The process of mummification purified and prepared King Tutankhamen and many other Egyptian Pharaohs for eternal life. The better persevered an individual was the better path to the afterlife, and eventually the better rebirth. The entry into the afterlife was hard and without proper preparation by the embalming priests or the controller of the mysteries, the Pharaoh perhaps may not have made it into the afterlife. The state of the mummies discovered in the times of King Tutankhamen indicates that the ancient Egyptian people stepped up the standard of embalming in the central period of the New Kingdom. Mummification was performed by necropolis priests in the divine booth that was set up specifically for embalming.

This booth was set up on the West bank of the Nile. As the head priest performed the procedure, he often wore the mask of a jackal which represents the god of embalming – Anubis. Evidence from King Tutankhamen’s tomb suggests that the belief of eternal life through mummification was at its highest point in the New Kingdom The Opening of the Mouth ceremony was held to restore the deceased individual’s sight, speech and hearing for their next life. The ceremony was traditionally held on the Ka but in King Tutankhamen’s ceremony in the New Kingdom period, the ceremony was performed on the mummy while inside the sarcophagus. A chisel, an adze and a rod which had a snake head were used to touch the mummy’s face which allowed the mouth to speak again, the ears to hear, the nostrils to breathe and finally the eyes to see. Ay, Tutankhamen’s Vizier performed the Opening of the mouth ceremony on the mummy of the deceased Pharaoh. This scene is depicted in the ‘treasury’ of Tutankhamen’s tomb. Traditionally the King’s son is expected to carry out the ceremony but Ay had to as Tutankhamen did not have a son. Both the Opening of the Mouth and the funeral processions are illustrated on parts of the walls in the tomb.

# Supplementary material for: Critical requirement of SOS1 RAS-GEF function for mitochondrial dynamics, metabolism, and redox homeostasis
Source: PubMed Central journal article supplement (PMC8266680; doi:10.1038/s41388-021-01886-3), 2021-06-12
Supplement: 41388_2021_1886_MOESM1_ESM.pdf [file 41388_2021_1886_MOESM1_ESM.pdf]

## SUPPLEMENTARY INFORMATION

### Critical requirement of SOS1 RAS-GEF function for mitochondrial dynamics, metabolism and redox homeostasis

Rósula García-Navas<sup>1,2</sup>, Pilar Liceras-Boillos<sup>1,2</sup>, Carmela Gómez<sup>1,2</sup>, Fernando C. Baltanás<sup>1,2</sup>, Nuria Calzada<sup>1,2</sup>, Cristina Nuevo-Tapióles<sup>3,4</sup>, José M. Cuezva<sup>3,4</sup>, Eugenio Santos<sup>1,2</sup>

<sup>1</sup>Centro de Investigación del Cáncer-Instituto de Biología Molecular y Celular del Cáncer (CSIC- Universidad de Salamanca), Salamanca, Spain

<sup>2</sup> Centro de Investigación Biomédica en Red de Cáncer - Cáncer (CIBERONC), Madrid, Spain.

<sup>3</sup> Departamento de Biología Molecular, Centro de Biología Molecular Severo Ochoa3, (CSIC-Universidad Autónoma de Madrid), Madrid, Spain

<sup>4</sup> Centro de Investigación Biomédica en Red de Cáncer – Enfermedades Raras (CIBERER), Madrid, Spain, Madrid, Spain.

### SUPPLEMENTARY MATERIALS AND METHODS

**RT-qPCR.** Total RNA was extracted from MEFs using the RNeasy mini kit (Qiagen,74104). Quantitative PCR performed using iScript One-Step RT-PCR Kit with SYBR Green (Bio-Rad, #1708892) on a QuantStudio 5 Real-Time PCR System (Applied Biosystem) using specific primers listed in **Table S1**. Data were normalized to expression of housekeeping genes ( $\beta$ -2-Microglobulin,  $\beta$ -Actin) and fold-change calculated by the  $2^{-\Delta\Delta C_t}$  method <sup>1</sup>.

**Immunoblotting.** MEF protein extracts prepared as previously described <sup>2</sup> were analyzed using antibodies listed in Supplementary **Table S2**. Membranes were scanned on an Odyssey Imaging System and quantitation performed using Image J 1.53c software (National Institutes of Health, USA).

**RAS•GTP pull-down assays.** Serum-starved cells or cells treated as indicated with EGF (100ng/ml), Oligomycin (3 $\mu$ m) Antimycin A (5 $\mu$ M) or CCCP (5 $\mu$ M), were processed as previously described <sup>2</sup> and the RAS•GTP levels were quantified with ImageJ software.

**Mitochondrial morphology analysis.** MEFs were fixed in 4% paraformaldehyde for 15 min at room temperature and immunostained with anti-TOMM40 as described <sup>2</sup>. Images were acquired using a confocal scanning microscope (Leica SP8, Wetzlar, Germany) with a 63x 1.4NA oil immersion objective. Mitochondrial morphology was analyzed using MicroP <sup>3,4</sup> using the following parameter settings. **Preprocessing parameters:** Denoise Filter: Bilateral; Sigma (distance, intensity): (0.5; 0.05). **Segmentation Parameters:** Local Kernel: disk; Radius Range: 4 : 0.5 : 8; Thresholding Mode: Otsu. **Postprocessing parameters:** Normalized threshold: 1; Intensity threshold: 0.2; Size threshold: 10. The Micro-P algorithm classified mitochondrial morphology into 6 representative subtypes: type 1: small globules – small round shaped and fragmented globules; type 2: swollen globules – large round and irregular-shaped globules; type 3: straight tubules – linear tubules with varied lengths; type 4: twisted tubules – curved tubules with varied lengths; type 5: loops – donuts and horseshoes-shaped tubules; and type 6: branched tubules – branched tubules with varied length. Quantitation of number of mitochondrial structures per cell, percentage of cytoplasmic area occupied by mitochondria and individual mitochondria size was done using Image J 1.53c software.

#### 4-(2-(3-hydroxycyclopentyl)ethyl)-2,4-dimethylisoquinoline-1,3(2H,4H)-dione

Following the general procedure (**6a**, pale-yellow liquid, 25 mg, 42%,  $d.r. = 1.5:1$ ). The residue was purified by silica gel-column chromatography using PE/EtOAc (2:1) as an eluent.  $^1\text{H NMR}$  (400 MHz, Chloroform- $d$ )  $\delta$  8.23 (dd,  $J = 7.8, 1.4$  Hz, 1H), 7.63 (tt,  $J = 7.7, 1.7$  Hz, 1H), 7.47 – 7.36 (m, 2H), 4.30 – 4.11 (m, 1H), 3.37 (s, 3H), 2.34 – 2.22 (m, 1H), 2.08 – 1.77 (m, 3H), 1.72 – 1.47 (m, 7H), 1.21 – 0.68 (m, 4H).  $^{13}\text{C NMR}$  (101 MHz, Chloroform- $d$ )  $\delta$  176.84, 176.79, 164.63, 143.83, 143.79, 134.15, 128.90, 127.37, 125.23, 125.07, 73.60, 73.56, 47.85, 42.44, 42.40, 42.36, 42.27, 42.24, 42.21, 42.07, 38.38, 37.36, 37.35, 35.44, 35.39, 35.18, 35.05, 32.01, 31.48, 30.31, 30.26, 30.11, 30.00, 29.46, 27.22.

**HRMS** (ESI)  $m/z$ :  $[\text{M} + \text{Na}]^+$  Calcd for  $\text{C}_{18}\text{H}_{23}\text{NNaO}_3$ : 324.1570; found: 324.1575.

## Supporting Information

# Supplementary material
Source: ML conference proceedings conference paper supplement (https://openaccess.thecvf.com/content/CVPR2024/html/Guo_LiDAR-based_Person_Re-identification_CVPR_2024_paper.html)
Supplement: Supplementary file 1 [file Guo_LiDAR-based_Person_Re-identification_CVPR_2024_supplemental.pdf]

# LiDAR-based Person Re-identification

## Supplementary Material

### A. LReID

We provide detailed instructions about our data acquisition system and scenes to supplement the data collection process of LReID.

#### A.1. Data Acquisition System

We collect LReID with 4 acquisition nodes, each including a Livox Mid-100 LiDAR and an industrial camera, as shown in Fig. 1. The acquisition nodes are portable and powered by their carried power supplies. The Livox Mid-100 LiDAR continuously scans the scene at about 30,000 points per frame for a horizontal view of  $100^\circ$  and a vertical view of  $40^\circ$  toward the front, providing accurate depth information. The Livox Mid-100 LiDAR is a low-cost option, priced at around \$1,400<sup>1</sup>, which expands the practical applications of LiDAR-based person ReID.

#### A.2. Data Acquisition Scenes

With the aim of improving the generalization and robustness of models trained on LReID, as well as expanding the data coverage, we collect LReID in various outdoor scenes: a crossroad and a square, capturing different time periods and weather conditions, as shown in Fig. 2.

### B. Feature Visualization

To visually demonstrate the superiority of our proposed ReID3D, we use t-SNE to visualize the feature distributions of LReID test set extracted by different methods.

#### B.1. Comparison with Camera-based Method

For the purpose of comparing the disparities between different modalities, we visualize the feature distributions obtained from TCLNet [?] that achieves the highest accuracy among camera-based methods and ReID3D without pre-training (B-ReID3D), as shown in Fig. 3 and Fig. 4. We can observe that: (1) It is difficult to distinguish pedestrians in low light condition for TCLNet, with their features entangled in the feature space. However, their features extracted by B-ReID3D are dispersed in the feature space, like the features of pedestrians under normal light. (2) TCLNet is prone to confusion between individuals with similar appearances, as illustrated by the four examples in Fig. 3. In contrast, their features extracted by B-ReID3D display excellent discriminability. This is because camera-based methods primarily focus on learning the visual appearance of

The evidence inside King Tutankhamen’s tomb revealed an enormous amount and shed a light on a dark part of Ancient Egyptian history. The items within the tomb paint a clear picture of the life and times of the ancient Egyptians in the period of King Tutankhamen’s reign. Archaeologists have able to deconstruct each painting, each item and each room of the tomb and educate the world on how Tutankhamen lived his life, even how old he was when he died and the laws and developments that he employed. The tomb took over ten years to clean out the countless treasures and artefacts, and each of these objects had a separate story to be told. It is apparent that Tutankhamen will live forever not only in the after life-but also as one of, if not the most famous Pharaohs in the world.


Retrieved December 3, 2012, from http://www.ancient-egypt.org/index.html Retrieved December 3, 2012, from http://www.grisel.net/tut.htm Retrieved December 3, 2012, from http://farstrider.net/Egypt/Cairo/Tutankhamun.htm Retrieved December 4, 2012, from http://www.touregypt.net/featurestories/canopic.htm Retrieved December 5, 2012, from http://www.osirisnet.net/tombes/pharaons/toutankhamon/e_toutankhamon.htm Retrieved December 5, 2012, from http://www.touregypt.net/museum/scarabpage2.htm Retrieved December 6, 2012, from http://www.kingtutone.com/tutankhamun/tomb/burial/ Retrieved December 7, 2012, from http://www.osirisnet.net/tombes/pharaons/toutankhamon/e_toutankhamon.htm Retrieved December 7, 2012, from http://www.king-tut.org.uk/tomb-of-king-tut/tutankhamun-tomb-paintings.htm
Retrieved December 8, 2012, from http://wysinger.homestead.com/kingtutankhamuninside.html Retrieved December 8, 2012, from http://www.cartage.org.lb/en/themes/sciences/lifescience/collectionpreservation/mummification/egyptianmummification/egyptianmummification.htm Retrieved December 8, 2012, from ‘New Kingdom funerary beliefs and burial practises’ – Text Book Chapter 17